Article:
Chris Ryan zips down aisles of baby white squash and Japanese eggplant. He pulls his golf cart to a stop in front of a red okra plant, getting out to admire its cream-colored blossom. The farm around him is clean and streamlined. Ground covers trap disease below the soil surface. Trellises, sometimes covered by tomato vines, extend skyward. Plants rest in identical plastic pots in rows. In a greenhouse, plastic and Styrofoam towers overflow with lime basil, Swiss chard and rosemary.
This is Natural Health Family Farm, a business Ryan started about two years ago. The operation is hydroponic — meaning the plants are grown in mineral solutions without soil — an increasingly popular technique among beginning farmers in the bay area.
"I started just growing food for myself," said Ryan, 33, "but it became an addiction."
Ryan, an entrepreneur, and agricultural director Tommy Sapp, a former chef, are beginning farmers. Neither grew up surrounded by fields of produce, but they've found that their unconventional skill sets work well on the farm.
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Ryan's background as an athlete, entrepreneur and engineer led him down various career paths. He played college and professional football, started a fireproofing company and created a massage therapy business out of his Plant City home.
Farming, he thought, could present another business opportunity. Ryan took classes and talked to other farmers to learn the growing system. Now that the business is operational, he uses his engineering knowledge to implement the science behind hydroponic produce and his business acumen to sell the fresh veggies to personal trainers.
As with all of his ventures, Ryan developed a niche pool of customers in order to keep up with his commercial competitors. He posted an ad on Craigslist this year looking for a farmer with connections in the restaurant industry.
Sapp, a St. Petersburg native and former chef, didn't know how to grow a tomato, but he certainly knew how to cook one. He had earned accolades for his food in New Orleans, and after returning home in 2001, cooked his way through Pinellas County kitchens. He spent time as a chef at Redwoods in St. Petersburg and the Peninsula Inn & Spa's Six Tables in Gulfport.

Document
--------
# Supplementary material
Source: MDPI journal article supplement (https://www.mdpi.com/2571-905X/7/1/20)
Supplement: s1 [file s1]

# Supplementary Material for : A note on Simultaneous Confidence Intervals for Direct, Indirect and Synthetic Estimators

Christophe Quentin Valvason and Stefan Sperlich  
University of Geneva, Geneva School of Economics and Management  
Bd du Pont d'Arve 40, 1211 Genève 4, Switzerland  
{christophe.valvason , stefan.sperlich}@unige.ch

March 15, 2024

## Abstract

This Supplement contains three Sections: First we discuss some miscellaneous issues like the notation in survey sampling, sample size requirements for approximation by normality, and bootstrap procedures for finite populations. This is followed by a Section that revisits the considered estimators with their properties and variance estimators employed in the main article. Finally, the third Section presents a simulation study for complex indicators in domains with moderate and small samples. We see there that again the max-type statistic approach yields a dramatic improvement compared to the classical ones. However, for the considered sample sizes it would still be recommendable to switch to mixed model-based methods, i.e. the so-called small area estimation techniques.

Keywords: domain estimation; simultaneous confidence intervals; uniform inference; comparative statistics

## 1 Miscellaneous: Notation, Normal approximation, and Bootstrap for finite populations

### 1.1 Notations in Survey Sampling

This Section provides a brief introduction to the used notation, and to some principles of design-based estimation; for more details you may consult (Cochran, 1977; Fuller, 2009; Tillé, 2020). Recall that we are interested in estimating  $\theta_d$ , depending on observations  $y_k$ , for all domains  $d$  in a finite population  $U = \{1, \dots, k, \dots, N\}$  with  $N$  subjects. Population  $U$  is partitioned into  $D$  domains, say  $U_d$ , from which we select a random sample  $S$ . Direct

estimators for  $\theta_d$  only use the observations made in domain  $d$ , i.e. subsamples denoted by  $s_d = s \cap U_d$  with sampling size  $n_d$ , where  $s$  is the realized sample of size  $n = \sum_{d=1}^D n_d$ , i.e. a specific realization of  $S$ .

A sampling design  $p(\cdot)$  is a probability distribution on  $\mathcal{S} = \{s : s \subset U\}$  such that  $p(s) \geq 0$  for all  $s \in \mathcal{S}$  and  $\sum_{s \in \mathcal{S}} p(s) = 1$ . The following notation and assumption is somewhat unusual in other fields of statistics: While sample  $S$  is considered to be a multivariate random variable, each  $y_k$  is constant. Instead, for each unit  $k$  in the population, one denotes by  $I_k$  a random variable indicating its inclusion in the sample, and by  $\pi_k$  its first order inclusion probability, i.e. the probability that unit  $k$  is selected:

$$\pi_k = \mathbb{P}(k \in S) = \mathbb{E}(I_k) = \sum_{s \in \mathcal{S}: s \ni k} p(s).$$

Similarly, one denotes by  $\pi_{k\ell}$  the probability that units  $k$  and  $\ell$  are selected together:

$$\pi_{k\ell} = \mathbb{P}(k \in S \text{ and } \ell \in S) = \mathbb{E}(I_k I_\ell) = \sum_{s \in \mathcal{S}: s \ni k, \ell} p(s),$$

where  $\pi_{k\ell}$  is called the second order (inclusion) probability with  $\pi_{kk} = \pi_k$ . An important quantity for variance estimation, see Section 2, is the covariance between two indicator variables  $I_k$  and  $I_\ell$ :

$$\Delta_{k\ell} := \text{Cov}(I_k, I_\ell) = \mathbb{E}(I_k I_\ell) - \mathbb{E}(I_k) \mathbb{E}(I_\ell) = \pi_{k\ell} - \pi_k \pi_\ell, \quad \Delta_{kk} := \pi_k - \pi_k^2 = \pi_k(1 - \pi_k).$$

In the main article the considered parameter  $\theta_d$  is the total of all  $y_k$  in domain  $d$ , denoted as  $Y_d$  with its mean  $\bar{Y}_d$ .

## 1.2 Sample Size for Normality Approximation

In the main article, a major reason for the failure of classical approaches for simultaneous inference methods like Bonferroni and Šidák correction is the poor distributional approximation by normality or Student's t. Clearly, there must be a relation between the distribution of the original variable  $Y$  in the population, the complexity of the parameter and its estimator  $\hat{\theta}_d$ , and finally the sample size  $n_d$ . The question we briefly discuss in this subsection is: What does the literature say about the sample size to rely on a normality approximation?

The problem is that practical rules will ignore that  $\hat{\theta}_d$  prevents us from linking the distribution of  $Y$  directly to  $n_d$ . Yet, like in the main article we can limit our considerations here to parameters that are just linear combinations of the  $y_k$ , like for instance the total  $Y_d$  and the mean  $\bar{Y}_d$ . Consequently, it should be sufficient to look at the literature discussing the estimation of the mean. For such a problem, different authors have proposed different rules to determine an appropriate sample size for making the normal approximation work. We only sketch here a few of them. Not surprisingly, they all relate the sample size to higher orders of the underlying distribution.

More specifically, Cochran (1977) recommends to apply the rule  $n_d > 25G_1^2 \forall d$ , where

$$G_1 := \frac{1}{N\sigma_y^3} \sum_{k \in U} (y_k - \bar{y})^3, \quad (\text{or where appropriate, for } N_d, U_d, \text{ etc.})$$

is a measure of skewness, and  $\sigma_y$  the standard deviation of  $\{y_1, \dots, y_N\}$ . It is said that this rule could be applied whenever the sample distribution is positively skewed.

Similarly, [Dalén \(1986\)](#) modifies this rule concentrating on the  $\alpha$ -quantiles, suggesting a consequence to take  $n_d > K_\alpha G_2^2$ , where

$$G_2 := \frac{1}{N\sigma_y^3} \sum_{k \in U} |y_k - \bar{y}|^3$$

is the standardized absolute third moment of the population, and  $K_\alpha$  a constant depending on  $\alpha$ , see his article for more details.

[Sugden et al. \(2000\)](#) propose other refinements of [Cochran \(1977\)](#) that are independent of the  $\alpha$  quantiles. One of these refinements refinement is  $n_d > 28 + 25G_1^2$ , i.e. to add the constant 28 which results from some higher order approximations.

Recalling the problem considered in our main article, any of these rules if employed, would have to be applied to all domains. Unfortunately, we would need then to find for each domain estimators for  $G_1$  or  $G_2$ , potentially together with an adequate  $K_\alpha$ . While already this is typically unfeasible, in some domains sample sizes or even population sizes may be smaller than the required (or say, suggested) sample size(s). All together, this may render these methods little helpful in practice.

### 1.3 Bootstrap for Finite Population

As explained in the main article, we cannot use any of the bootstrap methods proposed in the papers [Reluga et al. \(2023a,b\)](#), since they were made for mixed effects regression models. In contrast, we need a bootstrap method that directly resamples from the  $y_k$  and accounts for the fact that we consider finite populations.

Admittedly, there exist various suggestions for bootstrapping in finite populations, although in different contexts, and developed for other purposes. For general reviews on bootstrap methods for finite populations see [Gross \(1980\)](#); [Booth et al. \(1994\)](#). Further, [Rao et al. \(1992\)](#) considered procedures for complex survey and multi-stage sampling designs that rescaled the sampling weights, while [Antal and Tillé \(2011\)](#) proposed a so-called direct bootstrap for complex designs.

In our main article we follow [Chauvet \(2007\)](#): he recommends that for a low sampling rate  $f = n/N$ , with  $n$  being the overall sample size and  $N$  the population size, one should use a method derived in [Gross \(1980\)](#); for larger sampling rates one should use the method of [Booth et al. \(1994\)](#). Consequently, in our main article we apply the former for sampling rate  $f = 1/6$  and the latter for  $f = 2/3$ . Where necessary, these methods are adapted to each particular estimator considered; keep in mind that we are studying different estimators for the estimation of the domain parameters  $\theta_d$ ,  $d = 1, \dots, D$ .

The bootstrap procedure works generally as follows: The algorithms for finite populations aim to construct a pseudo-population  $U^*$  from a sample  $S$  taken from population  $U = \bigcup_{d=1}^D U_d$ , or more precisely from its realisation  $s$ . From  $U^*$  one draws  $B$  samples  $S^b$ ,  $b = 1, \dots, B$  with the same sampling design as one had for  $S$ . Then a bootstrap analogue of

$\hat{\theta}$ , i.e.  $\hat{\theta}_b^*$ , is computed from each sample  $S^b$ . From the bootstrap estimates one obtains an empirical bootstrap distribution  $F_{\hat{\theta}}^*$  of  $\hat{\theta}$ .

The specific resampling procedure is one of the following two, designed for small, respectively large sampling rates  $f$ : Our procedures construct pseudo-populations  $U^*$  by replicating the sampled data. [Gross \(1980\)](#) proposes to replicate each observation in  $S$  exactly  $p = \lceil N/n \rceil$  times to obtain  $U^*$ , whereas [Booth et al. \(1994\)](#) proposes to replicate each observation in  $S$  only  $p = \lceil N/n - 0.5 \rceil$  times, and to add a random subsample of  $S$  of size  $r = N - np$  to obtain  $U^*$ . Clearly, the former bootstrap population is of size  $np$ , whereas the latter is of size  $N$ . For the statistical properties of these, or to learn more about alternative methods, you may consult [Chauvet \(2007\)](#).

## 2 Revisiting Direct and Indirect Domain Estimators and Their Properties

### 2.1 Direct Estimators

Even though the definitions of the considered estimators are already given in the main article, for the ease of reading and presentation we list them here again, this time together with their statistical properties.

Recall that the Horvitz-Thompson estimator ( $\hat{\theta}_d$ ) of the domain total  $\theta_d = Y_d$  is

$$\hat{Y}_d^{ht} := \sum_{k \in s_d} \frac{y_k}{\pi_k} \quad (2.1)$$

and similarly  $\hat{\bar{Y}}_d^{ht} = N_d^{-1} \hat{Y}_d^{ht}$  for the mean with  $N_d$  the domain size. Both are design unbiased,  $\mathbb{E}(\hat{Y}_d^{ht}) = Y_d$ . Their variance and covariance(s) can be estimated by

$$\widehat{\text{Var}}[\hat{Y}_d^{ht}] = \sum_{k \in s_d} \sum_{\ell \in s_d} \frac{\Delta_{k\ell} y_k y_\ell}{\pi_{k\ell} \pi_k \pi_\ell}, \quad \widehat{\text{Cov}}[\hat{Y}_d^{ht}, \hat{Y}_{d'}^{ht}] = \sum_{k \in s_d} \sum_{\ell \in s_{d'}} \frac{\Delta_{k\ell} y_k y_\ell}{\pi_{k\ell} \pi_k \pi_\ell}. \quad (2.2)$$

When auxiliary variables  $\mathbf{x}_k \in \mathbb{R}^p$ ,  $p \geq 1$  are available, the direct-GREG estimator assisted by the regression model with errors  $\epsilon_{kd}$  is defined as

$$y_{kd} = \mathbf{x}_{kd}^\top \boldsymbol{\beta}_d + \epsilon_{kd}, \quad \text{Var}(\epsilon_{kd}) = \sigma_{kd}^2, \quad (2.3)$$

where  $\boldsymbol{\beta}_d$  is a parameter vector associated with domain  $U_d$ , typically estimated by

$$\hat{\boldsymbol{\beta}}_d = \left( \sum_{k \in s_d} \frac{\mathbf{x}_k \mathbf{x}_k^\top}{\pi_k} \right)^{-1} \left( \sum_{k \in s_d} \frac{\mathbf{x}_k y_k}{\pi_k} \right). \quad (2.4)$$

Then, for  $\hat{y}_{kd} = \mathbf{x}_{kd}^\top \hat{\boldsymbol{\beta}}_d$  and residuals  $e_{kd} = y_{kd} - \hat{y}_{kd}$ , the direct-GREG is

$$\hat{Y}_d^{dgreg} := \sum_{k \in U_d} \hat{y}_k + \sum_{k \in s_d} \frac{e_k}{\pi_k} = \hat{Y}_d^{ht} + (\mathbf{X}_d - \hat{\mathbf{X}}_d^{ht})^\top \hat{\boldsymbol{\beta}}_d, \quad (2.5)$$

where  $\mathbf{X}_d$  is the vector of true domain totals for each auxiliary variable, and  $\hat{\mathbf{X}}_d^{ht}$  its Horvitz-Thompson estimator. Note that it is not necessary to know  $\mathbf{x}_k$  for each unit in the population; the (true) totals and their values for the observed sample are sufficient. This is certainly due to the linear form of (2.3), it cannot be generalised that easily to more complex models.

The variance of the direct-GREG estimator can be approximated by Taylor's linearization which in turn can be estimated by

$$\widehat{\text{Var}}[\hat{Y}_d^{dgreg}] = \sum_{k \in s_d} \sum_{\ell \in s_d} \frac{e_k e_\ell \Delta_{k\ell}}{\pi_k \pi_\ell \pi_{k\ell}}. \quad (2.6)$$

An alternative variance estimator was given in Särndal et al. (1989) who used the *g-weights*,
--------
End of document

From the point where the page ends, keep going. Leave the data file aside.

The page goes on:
Early in his career, Sapp worked in celebrity chef Emeril Lagasse's first restaurant, Emeril's New Orleans. He remembers when a basket of produce was delivered to Lagasse's kitchen in the mid 1990s. The basket brimmed with Cherokee purple tomatoes and popcorn sprouts, he said. The exotic vegetables were foreign to him.
"As a chef, I always wanted to sell my customers this kind of stuff," said Sapp, 34, who lives in St. Petersburg. "As a chef, I always wanted to be a farmer."
After years in the kitchen, Sapp and his father began looking for farmland in Mississippi and Louisiana. When his father died this year, Sapp knew it was time to get serious.
By the time he found Ryan's ad, the chef had begun consuming every book he could find about farming.
"What are the chances that I would meet Chris," Sapp said, "someone that is into all the stuff I was interested in?"
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Inside the greenhouse, Ryan pulls a few leaves of basil from a plant, rubbing them between his fingers.
Ryan says the farm now pays for itself. The hydroponic equipment cost about $55,000 to install, but the beginning farmer thinks it was worth the gamble.
"When does hard work and consistent effort not pay off?" he asked.
Ryan and Sapp have contacted restaurants, provided chefs with samples and offered to grow any produce they need. Now the farmers' vegetables and herbs dot menus at Wood Fired Pizza in North Tampa, the Hangar Lounge in Town 'N Country and Parkshore Grill in St. Petersburg.
Tapping into niche markets — chefs and personal trainers — has proved fruitful for the fledgling business, but Ryan constantly dreams of new ways to turn a profit.
The duo has started delivering produce baskets to area residents and businesses. The tubs cost $15 to $30 and are sold weekly. Sapp said he has been playing around with the idea of packaging recipes with the produce.
Standing in the greenhouse, surrounded by towers of seed trays and mazes of pipes, Sapp remembers a phrase often repeated in Lagasse's kitchen. It's a mantra he brought from the kitchen to the farm.
"Practice your craft."
Sarah Hutchins can be reached at [email protected]